It's no surprise binge drinking as a teenager, or at any point in one's life, is not a particularly healthy activity. But it may be worse for you than previously thought.
Researchers at the University of Illinois College of Medicine have found binge drinking during adolescence can have long-lasting effects on a person's brain chemistry.
Excessive drinking during this crucial time can change your DNA for the entirety of your life.
In the long run, this can lead to the development of certain anxiety disorders and alcoholism.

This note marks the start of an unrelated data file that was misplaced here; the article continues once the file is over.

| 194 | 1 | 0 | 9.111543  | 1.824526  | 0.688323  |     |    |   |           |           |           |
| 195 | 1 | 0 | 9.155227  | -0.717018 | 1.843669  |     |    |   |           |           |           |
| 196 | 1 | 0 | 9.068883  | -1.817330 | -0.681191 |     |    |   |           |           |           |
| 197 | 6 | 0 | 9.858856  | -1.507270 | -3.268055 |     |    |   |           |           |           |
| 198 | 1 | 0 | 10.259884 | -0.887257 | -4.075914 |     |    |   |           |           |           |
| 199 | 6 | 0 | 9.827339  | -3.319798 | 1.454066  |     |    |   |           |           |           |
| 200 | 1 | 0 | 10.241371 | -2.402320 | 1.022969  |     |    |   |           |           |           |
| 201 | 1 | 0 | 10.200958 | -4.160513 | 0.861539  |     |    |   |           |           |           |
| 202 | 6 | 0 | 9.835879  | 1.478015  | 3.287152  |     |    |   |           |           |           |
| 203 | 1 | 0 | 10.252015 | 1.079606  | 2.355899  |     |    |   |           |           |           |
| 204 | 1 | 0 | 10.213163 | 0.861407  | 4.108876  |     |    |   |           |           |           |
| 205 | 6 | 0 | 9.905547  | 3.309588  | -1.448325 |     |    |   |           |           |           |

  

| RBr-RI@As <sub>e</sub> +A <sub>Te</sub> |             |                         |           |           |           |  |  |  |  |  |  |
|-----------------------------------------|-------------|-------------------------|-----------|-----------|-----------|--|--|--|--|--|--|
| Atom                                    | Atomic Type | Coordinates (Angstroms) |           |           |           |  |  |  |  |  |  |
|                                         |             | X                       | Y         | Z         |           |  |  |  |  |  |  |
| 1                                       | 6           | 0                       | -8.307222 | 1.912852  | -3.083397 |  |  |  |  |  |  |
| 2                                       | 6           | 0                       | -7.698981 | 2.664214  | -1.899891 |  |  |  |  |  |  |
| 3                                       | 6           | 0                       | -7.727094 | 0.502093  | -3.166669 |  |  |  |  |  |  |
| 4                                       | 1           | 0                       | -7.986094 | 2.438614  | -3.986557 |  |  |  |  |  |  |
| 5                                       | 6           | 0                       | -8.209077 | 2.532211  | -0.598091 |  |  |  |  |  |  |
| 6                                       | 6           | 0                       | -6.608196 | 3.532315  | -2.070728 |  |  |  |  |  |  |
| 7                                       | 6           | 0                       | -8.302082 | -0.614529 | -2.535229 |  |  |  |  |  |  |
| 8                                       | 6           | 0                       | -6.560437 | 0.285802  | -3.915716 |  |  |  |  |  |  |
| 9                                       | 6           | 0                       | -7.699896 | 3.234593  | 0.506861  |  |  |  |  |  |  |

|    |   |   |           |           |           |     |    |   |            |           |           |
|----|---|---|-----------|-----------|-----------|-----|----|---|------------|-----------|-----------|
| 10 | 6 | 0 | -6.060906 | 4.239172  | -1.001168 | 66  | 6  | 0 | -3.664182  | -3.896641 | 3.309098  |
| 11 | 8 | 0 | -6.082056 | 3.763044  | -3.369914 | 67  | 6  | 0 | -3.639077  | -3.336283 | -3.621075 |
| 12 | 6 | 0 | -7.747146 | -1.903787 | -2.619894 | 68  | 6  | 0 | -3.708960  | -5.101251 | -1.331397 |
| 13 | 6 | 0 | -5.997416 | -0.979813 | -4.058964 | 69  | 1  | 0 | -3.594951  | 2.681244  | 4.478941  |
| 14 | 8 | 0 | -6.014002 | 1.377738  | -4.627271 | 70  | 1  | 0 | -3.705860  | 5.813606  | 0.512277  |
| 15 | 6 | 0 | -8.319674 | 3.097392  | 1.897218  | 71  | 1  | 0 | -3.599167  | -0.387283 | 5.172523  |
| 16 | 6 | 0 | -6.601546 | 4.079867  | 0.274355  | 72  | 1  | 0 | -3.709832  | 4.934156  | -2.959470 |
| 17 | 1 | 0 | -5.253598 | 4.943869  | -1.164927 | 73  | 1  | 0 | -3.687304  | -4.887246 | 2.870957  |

Subhash Pandey, a professor involved in the study, said,
Our study provides a mechanism for how binge-drinking during adolescence may lead to lasting changes that result in increased anxiety and alcoholism in adults. Intermittent alcohol exposure 'degrades the ability of the brain to form the connections it needs to during adolescence. The brain doesn't develop as it should, and there are lasting behavioural changes associated with this.
Pandey and his team fed alcohol to rats to see how the substance would impact their brain development.
As the rats aged, lasting effects from the alcohol were observed. The rats displayed anxious tendencies and drank higher amounts of alcohol later on in life.
Long story short, teen drinking is very bad.